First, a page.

Monday, May 8, 2017
An nMonte and 4mix guide for the participants of the Basal-rich K7 and/or Global 10 tests of the Eurogenes Project
Copied from a thread at the Anthrogenica forum because unfortunately it seems that a lot of people can't access the post: This is an nMonte and 4mix guide I have written for people who donated to the Eurogenes Project in order to take part in the Basal-rich K7 and/or Global 10 tests of that project and subsequently received their test results. For information on how to participate in one or both of the Basal-rich K7 and Global 10 tests, see the link below: Fund-raising offer: Basal-rich K7 and/or Global 10 genetic map In your results you receive from Davidski by email, you are provided with your Basal-rich K7 component percentages and your position on the Basal-rich K7 PCA if you took the Basal-rich K7 test, and your Global 10 PCA coordinates and your position on the Global 10 PCA if you took the Global 10 test. You will need your Basal-rich K7 component percentages and/or Global 10 PCA coordinates in order to make use of nMonte and 4mix, which allow you to be modeled as a mix different populations in varying ancestry percentages and varying distance levels based on either of your Basal-rich K7 and Global 10 results. You can download nMonte and 4mix from these links respectively: nMonte 4Mix Because that it can run multiple targets at the same time, I gave the link to 4mix_multi rather than classical 4mix. They are basically the same in all other aspects. In order to use nMonte and 4mix you need to have the R software installed on your PC. You can download it from one of the mirrors here: CRAN mirrors Making a target file for Basal-rich K7: Open Notepad and copy and paste the Basal-rich K7 component names and your Basal-rich K7 component percentages along with your name in this format: Basal-rich K7 spreadsheet Global 10 datasheet Save the input file as input. Here is an example of a Basal-rich K7 input file for nMonte: https://www.familytreedna.com/groups/anatol-balkan-caucas/about https://www.facebook.com/groups/800912433320422/
Sunday, March 19, 2017
I'm now taking donations for 2017. Anyone who donates $12 USD or $16 AUD, or more, will get the Basal-rich K7 ancestry proportions. Of course, you'll need to send me your genotype data for that to happen (Ancestry.com, FTDNA or 23andMe).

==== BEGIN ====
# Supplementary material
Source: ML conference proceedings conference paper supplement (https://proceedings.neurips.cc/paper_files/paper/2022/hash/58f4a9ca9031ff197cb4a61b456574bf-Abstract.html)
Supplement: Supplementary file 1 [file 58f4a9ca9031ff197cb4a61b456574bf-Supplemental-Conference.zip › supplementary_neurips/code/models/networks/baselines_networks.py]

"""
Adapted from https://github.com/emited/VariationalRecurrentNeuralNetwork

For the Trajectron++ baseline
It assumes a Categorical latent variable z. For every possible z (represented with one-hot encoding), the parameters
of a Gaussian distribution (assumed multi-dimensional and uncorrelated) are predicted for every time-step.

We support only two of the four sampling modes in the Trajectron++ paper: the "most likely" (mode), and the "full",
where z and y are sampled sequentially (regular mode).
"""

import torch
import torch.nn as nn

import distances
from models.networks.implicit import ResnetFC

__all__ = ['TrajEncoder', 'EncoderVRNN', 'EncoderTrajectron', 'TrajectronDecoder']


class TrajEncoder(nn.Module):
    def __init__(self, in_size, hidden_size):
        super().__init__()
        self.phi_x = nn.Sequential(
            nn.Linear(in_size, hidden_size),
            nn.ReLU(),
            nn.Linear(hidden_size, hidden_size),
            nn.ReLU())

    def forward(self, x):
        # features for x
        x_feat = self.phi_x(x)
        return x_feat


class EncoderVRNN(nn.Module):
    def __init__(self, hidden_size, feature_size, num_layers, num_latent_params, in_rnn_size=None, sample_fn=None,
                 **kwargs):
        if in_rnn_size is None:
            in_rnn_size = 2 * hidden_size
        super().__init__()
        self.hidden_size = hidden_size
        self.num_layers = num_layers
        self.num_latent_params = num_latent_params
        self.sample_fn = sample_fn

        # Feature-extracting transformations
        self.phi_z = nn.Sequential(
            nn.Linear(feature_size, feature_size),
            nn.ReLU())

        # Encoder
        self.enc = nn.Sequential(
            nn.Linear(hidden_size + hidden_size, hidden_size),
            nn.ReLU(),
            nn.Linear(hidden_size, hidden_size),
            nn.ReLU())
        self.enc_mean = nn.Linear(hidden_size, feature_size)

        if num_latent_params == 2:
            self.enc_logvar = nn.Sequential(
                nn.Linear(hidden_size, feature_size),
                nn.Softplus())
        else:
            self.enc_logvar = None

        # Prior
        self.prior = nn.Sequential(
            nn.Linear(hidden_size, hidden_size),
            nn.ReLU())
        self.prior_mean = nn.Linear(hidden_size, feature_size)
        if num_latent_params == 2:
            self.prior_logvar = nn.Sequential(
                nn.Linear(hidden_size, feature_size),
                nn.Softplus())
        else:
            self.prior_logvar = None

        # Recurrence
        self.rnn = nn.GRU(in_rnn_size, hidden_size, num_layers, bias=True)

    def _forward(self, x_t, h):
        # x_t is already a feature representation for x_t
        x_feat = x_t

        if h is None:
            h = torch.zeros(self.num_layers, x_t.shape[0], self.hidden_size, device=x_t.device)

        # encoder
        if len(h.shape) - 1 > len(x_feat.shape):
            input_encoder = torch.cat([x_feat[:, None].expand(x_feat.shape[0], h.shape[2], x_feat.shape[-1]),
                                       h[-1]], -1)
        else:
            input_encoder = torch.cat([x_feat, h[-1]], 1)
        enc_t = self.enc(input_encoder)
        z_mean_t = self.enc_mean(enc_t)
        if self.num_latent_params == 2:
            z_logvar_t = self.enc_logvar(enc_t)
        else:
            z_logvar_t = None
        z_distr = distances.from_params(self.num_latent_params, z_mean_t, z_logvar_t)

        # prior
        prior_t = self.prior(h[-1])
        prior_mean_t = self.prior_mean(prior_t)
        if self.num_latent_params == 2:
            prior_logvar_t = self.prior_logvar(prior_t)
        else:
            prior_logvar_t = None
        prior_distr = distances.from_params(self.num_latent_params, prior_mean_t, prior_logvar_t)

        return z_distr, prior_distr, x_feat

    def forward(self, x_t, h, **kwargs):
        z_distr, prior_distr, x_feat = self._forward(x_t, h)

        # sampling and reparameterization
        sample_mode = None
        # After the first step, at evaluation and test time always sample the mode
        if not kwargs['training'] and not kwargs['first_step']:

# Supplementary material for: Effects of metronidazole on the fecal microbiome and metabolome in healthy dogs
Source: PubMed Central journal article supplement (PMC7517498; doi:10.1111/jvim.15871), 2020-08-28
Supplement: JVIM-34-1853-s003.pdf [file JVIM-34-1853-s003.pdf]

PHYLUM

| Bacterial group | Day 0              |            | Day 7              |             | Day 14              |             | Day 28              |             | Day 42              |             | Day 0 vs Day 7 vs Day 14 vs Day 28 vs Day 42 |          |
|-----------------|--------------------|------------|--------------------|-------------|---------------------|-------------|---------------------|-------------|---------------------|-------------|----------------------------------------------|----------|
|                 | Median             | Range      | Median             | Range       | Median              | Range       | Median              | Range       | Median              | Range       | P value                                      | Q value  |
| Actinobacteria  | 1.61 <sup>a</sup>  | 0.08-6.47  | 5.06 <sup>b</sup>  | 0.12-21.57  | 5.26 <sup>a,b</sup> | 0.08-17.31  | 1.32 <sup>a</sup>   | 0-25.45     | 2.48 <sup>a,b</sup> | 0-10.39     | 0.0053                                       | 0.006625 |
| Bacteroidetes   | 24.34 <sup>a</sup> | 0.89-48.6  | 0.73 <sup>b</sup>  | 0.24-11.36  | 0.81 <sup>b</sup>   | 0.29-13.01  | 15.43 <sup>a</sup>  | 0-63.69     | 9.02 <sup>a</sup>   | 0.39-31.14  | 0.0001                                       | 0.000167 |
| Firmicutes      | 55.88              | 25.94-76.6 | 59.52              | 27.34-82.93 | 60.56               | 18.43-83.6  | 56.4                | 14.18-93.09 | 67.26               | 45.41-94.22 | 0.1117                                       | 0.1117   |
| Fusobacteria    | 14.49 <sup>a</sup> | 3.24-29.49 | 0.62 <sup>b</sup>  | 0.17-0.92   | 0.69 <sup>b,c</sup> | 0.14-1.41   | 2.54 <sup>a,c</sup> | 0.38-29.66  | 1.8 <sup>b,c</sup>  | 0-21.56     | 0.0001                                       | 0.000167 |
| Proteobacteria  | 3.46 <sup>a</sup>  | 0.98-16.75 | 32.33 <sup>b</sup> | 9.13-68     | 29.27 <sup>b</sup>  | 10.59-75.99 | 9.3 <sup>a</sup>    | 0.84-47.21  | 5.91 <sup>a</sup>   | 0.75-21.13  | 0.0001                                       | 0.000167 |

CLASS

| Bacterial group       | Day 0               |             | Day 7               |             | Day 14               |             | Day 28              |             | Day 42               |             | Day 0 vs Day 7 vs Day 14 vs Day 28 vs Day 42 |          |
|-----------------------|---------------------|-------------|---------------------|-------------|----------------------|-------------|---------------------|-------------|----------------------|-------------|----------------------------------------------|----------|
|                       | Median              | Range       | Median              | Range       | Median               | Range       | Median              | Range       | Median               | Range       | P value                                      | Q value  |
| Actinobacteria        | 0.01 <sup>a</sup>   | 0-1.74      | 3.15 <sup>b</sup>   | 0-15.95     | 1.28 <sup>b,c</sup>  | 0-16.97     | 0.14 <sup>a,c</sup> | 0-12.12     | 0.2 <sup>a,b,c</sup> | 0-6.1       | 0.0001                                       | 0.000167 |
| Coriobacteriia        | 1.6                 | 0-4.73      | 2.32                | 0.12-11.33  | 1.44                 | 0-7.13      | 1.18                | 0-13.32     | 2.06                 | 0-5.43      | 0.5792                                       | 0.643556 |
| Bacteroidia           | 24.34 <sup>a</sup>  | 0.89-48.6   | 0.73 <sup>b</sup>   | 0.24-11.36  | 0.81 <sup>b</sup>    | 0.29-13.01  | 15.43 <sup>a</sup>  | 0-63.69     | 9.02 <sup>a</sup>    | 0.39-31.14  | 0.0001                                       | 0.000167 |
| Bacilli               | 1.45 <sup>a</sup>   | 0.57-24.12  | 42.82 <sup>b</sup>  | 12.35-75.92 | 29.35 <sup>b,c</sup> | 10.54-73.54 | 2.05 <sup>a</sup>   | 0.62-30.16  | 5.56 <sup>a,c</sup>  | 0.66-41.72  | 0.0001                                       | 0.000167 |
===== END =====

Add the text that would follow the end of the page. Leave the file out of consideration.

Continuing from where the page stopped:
D(Yoruba,Iran_Neolithic)(Villabruna,AfontovaGora3) 0.0223 Z 2.812On the other hand, the Basal-rich K7 models the early Zagros farmers as 39.05% Ancient North Eurasian and 56.67% Basal-rich (which is probably a composite of Basal Eurasian and something Villabruna-related). To me this appears to be the more sensible solution. Moreover, Lazaridis et al. 2016 characterized South Caspian forager Iran_HotuIIIb as more Basal Eurasian than the early Zagros farmers (Supplementary Information 4). The Basal-rich K7, on the other hand, shows the opposite. The D-stat below suggests that the Basal-rich K7 is closer to the truth.
D(Chimp,Ust_Ishim)(Iran_Neolithic,Iran_Hotu) 0.0156 Z 1.337There are other such examples, and I might post them in the comments. In any case, the point I'm making is that the Basal-rich K7 is a solid piece of work and it's likely to remain relevant for a long time. Indeed, I'll be updating the Basal-rich K7 spreadsheet regularly as new ancient samples roll in, which means that you'll be able to model yourself as newly sampled ancient populations using the Basal-rich K7 ancestry proportions (for instance, see here). The only problem with this test is that it's optimized for Eurasians. As a result, it might be sensible for anyone with significant (>5%) Sub-Saharan ancestry to skip the Basal-rich K7 and just ask for the Global 10 genetic map and coordinates. Global 10 coordinates to model your ancient and recent fine-scale ancestry, just as you would using mixture proportions. In fact, I'd say the Global 10 coordinates are more useful in this respect than any mixture test, including the Basal-rich K7. Thanks in advance for your support. Keep in mind that the more cash I raise the busier things will be on this blog in 2017, which, by all accounts, is shaping up to be the year for ancient DNA.